Power

Tinker, Tailor, Soldier, Dumbass

The man who kicked off the FBI Russia probe is a laughing stock in Australia.
Power

Tinker, Tailor, Soldier, Dumbass

The man who kicked off the FBI Russia probe is a laughing stock in Australia.

Besides the now-legendary racism of our political cartoonists, Australia’s image in the eyes of the world is still largely formed by that episode of The Simpsons in which our country’s leader is a drunken man named Andy, floating naked in an inner tube, who tries to kick Bart in the ass.

This is entirely accurate. Unlike countries that take a more reverent view of politicians, Australia is a place where prime ministers get called “wanker” by someone speeding past in their car, or are ignored when they try to buy a FitBit in a suburban electronics store.

In recent months, one such homegrown politician, the former diplomat and Liberal Party leader Alexander Downer, has reached international fame and become an object of suspicion among Republicans and pro-Trump conspiracy theorists. It was to Downer in May 2016, over gin and tonics in a London bar, that then-Trump advisor George Papadopoulos boasted of having secured “political dirt” on Hillary Clinton from Russian government agents. Downer reported the conversation to American and Australian intelligence agencies, which prompted the FBI to start investigating possible Russian interference in the 2016 presidential election.

After being found guilty of lying to the FBI about his contact with the Russians, Papadopoulos accused Downer of being a sinister foreign operative, directed by forces unknown to sabotage the Trump campaign. California Rep. Devin Nunes and North Carolina Rep. Mark Meadows, both Republicans, have claimed he “has ties to the Clintons,” because he signed off on a $25 million donation the Australian government gave to the Clinton Foundation in 2006 to fight HIV/AIDS in the Pacific.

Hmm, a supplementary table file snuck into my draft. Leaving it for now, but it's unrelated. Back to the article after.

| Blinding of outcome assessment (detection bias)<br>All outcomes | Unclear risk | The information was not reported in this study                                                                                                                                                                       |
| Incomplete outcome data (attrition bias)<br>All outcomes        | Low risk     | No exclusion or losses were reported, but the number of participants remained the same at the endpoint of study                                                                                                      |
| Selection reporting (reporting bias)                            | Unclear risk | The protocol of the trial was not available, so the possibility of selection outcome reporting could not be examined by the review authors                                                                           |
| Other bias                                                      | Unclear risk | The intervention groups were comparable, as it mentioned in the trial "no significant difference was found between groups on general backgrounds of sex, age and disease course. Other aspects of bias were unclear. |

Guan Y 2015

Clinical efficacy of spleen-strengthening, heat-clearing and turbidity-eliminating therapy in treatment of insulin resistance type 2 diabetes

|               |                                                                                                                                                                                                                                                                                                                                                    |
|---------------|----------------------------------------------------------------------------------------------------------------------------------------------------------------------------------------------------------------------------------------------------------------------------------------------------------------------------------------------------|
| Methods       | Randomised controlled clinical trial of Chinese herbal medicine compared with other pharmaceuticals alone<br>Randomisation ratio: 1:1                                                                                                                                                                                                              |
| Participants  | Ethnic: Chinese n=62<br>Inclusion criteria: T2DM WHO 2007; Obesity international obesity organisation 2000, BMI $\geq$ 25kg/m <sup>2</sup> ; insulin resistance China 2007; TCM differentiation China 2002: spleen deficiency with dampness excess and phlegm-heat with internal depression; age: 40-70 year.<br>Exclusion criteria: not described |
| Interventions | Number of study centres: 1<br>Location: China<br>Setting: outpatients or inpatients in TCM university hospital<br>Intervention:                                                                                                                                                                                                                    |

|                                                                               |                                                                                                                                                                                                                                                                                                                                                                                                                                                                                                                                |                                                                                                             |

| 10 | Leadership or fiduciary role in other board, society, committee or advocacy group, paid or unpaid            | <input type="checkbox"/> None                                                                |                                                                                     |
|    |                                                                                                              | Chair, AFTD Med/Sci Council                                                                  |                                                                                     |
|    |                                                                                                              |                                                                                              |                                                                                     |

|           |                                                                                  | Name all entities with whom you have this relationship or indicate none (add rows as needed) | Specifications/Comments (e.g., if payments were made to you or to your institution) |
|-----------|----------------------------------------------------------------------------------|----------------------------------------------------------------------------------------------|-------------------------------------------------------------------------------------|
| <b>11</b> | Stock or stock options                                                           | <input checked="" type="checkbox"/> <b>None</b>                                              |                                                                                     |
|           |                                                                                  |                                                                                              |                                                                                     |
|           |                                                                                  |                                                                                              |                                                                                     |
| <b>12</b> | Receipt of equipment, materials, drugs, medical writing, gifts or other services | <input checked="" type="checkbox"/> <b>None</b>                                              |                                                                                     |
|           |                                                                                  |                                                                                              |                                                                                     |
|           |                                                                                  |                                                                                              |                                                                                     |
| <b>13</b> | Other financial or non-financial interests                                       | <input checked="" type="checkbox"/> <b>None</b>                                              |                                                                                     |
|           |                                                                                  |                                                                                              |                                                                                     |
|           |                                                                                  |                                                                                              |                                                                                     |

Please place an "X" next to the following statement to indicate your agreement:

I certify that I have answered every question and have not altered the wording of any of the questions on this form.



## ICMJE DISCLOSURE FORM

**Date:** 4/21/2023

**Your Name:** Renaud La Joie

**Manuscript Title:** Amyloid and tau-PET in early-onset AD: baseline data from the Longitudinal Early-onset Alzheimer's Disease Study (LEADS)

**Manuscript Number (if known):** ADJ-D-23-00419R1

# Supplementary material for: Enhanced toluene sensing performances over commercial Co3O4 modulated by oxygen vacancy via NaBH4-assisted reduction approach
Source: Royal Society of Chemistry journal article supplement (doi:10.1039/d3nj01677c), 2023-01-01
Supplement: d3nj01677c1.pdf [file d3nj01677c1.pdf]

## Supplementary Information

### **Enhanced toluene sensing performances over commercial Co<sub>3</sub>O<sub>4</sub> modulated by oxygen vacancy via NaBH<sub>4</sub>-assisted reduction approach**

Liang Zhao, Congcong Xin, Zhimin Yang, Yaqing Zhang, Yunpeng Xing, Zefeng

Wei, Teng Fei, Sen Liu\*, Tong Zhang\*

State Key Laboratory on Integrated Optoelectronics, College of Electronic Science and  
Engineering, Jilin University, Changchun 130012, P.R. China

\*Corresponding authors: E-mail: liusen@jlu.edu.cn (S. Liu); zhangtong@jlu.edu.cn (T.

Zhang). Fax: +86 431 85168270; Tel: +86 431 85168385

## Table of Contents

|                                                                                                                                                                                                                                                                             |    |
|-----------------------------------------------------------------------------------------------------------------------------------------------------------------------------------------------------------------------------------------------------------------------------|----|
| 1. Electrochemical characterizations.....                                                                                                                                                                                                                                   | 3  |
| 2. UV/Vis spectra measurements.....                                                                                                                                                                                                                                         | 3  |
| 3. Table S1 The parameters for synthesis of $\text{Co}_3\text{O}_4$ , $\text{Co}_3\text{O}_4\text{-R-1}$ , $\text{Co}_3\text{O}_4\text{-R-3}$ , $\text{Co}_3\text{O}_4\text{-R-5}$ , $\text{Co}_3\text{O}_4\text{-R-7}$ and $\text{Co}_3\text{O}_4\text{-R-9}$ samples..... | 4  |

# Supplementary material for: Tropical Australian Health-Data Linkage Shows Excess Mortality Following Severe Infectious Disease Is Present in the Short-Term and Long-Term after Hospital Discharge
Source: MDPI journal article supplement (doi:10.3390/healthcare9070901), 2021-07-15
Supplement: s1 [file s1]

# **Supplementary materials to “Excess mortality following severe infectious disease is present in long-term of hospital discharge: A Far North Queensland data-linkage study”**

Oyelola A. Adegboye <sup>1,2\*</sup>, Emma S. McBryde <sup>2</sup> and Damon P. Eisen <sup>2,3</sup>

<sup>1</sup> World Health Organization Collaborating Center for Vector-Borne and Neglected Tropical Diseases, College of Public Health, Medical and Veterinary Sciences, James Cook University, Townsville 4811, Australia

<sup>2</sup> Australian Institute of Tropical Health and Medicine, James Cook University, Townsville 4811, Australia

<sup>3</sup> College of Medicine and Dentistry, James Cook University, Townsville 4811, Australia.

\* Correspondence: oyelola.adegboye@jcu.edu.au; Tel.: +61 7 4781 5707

On paper, Alexander Downer is a plausible candidate to kick off the largest international espionage scandal since the Cold War.

“The notion that Downer randomly reached out to me just to have a gin and tonic is laughable,” Papadopoulos tweeted earlier this month. “Some organization or entity sent him to meet me. For the sake of our republic and the integrity of this investigation, I think it's time Downer is exposed as [man behind the now-infamous piss tape dossier] Christoper [sic] Steele.”

If you aren’t familiar with Australia, the idea of Downer as a shadowy, gin-sipping international man of mystery is understandable. He’s the country’s longest-serving foreign minister and has filled impressive-sounding diplomatic postings around the world. He was leader of the center-right Liberal Party in the mid-1990s, and was a contender to become prime minister. On paper, Downer is a plausible candidate to kick off the largest international espionage scandal since the Cold War.

Or he would be, if he weren’t also Alexander Downer. All you will ever need to know about Downer is that even a place like Australia considers him a national joke.

Most Australians picture Downer with one leg in fishnet stockings and a leopard-print pump, grinning halfheartedly into the camera like he knows things are about to go badly wrong. This is an image entirely of his own making. Downer had been asked to pose for a charity fundraiser in which people had to match famous faces with pictures of their shoes. The fishnets were his idea. For the rest of his political career, cartoonists drew Downer as a snotty private schoolboy with an overpowering S&M fetish. There’s even a song about it.